The history of this Caribbean country is as colourful as its topography, says Oliver Bennett, which explains why the old colony has its own Guinness brewery
In Grenada, I had an experience that many 1970s schoolboys would envy. I parked my rented car down a track, walked to a hotel of open wooden rooms overlooking a beach full of hammocks and palms where pelicans dived for snappers, and up walked a statuesque and vaguely family woman. “I’m Julia Montgomery,” she purred. “You might remember me as Fiona Richmond.”
What? The vicar’s daughter and sex symbol, squired by the king of Soho, Paul Raymond, and driven around the world in an E-Type with the number plate FU2? Yes. The very same.
Julia now runs a couple of hotels including the Petit Bacaye in Grenada, with her partner Peter Pilbrow. It’s charmingly like that other Seventies throwback, the came-in-search-of-paradise Bounty ad. “It’s real Robinson Crusoe,” she said. “We’ve just planted five types of banana.”
‘A retro-Caribbean treat’
In many ways, Grenada seems to fulfill the sybaritic promise of Seventies travel, when normal people – civilians, if you will – began to join the jet set. It’s a rare retro-Caribbean treat. As I walked over to Clarke’s Court Marina, I looked across a flotilla of yachts and discreet houses poking through the canopy, enough to conjure the ghosts of glamour past.
Barbados is more celebrated; Jamaica more famous, or infamous. But almost 30 years since Ronnie Reagan’s invasion rudely raised awareness of the small Caribbean island – one US intervention that the UK declined to rubber-stamp, by the way – Grenada has become a Caribbean destination of quieter charms. It is less populous, with just over 100,000 people and a lovely and particular flora, It is sold on the deserved slogan, the Spice Island.
I drove back past Grand Anse, the beach with the highest concentration of hotels on the island, and up into the hills. By now I could smell the nutmeg, a Grenadan cash crop, along with cinnamon, tumeric, cloves, bay leaves, pepper, ginger… you name it. Aficionados of Grenada, who tend to be loyal, will know that the island has long made a splash at the Chelsea Flower Show with spicy displays.
The island by foot
I trekked to the Mount Carmel waterfall, one of Grenada’s shortish repertoire of sights, through the rainforest that covers much of the interior, watching raccoons gambol and enjoying hairdryer air. OK, Grenada isn’t a place for ambitious monument-stompers – the Grand Etang National Park and Mount Qua Qua are its killers – but there is something fabulously manageable about the island, 20 miles long and 12 miles wide.
After a dip at L’Anse Aux Epines beach in aquamarine water, I went to see the Calabash Hotel: a stately old dame that is the paterfamilias of Grenada’s hotel scene and has long attracted clients like the Duke and Duchess of Kent and the late Conservative minister Lord Thorneycroft. It reminds one that Grenada was a UK colony until 1974. There are red telephone boxes here and a manor house completed by Lord Brownlow.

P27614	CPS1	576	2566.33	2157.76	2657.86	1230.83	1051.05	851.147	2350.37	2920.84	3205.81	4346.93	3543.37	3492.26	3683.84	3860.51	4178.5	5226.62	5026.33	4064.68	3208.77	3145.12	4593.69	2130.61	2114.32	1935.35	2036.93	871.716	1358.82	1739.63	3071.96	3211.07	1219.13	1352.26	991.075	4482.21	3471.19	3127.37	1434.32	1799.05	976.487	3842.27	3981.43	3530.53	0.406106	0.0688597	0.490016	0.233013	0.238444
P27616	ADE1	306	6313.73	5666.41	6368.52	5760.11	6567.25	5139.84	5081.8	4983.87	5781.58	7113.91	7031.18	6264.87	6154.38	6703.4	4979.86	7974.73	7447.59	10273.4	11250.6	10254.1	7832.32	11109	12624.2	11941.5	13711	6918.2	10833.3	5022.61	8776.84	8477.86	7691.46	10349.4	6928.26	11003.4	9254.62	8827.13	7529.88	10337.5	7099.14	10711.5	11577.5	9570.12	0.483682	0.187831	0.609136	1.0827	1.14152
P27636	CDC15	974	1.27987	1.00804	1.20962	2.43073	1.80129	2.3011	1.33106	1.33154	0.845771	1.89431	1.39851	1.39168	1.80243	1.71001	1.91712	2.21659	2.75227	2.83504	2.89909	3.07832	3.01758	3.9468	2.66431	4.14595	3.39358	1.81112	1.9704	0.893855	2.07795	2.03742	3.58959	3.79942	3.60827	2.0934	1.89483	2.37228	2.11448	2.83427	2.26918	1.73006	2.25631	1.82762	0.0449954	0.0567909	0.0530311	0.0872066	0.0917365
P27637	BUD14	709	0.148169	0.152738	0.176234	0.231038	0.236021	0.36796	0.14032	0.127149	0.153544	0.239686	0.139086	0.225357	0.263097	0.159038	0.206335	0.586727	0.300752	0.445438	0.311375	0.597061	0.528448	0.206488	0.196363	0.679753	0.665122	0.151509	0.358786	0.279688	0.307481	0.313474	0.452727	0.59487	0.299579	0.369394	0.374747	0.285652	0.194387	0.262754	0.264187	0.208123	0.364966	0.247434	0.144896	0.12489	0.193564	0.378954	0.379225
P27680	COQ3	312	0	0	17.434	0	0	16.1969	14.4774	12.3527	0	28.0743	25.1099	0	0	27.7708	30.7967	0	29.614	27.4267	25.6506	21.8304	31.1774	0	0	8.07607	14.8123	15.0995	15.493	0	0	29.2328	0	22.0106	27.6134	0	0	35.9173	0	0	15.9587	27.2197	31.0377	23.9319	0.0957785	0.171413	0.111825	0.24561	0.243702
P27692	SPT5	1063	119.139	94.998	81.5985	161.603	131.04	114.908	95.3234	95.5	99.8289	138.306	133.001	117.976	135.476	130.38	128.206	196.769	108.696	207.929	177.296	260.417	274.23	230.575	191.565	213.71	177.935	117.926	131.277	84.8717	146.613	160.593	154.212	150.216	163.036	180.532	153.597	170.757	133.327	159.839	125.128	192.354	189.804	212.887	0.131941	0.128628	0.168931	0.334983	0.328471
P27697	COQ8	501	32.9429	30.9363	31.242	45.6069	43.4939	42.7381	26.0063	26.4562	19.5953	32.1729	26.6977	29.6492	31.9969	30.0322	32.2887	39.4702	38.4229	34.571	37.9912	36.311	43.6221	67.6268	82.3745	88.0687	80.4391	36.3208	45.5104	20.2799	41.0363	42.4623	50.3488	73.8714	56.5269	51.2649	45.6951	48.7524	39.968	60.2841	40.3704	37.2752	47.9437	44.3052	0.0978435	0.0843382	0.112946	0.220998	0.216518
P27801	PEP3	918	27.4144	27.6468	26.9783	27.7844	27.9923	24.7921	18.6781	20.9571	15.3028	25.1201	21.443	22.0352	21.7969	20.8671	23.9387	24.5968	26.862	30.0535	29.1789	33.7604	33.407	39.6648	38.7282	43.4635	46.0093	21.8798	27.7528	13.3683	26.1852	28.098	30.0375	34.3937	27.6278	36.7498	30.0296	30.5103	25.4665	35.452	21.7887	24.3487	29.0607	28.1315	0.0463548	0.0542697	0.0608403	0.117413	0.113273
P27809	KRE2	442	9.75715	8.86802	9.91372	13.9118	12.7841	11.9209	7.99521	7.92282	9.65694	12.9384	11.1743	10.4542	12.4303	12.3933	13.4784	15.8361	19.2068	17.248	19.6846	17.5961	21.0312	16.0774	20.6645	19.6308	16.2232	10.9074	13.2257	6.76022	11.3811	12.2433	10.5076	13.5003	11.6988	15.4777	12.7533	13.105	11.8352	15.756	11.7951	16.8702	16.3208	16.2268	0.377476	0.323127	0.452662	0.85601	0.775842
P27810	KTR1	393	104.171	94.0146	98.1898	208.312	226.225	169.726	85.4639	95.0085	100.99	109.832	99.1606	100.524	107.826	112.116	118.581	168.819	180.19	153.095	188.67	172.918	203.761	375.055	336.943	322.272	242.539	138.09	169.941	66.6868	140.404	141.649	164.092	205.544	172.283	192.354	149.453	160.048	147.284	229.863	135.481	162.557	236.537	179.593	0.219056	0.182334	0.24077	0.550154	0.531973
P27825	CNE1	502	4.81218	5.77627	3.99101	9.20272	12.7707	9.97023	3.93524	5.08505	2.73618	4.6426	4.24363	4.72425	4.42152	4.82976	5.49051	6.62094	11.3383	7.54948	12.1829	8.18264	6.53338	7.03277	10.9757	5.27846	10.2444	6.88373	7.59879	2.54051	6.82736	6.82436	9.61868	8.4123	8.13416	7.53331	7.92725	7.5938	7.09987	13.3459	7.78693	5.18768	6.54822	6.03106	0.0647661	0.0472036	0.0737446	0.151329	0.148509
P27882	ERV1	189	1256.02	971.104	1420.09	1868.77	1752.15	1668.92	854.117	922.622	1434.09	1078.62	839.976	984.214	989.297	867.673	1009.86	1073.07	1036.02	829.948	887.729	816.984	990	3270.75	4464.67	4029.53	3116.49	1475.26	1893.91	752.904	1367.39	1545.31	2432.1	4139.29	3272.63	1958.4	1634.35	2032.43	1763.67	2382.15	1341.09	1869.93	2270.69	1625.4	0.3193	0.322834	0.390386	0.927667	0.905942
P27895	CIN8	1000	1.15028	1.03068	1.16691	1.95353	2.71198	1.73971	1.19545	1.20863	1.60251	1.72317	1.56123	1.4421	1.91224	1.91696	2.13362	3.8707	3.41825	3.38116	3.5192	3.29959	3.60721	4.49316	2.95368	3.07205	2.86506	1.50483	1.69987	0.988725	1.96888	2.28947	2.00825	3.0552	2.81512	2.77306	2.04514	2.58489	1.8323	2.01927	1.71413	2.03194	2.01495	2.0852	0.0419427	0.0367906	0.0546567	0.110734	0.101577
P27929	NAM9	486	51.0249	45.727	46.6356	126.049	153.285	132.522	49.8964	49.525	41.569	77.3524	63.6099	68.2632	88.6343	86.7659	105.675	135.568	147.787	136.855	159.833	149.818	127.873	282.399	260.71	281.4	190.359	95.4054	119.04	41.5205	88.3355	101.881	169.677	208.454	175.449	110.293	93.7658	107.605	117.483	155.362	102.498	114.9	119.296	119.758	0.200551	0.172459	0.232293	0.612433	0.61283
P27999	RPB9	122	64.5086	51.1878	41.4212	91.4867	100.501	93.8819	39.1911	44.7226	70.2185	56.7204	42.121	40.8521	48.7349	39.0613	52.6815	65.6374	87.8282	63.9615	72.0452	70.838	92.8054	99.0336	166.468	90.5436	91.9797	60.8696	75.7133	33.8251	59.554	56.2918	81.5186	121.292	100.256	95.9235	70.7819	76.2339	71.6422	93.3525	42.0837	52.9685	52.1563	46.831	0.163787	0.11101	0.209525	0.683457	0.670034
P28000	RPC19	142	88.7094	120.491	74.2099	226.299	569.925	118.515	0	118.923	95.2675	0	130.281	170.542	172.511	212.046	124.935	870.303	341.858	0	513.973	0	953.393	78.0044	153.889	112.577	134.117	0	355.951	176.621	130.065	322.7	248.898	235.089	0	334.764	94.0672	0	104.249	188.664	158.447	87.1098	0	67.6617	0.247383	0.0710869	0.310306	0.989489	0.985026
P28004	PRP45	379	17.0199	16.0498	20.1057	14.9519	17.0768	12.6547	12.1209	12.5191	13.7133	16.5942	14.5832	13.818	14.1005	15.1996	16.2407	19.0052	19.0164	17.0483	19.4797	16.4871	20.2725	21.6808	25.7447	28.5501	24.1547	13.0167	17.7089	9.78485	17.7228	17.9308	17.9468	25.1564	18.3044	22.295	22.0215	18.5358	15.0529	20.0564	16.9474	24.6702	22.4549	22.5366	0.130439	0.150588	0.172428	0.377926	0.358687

Grenada also has an Irish flavour. The Grenada phonebook is full of Ryans, O’Reilly’s and Kennedys, partly as this was a place where the Wild Geese – the Jacobite soldiers of the late 18th century – settled after taking the fight with the British on to foreign soil.
Guinness is made here, too, and I had an odd hybrid moment when I met an Indian-derived tourist guide called Kennedy (one name, like Madonna). He was a charming chap and took me to eat a roti: as in Trinidad, the lunchtime snack of choice is sub-continental in origin.
The tumbledown capital St George’s, despite the name, felt something like a harbour from the West of Ireland transported to the tropics. By late afternoon, the only thing affecting my feeling of calm, tropical lassitude was the local, pedal-to-floor, driving style, causing me to jump into the gutter on a few occasions. I drank a cold Carib beer in the Nutmeg bar and watched a quayside pageant of sunburned yachties, American cruise ship shoppers and spice-toting locals: the typical Grenadan mix.
After a well-deserved swim, I went to LaLuna, run by Bernardo Bertucci, an Italian ex-fashion buyer who adds a dose of the homeland to the gumbo. Here, the food is Italian – really good Italian, flown from Emilio Romagna – and the ambience more Far Eastern than Caribbean. Model types lounged around, gunked with LaLuna’s propriety skin-saver, made in an Italian monastery.
But it was time for some Caribbean flavour, and I spent the late afternoon at a beach party for the annual regatta, cheering on boats with names like No Mercy to the sound of pumping soca and calypso. Guinness, calypso and Seventies sex bombs – why fight it?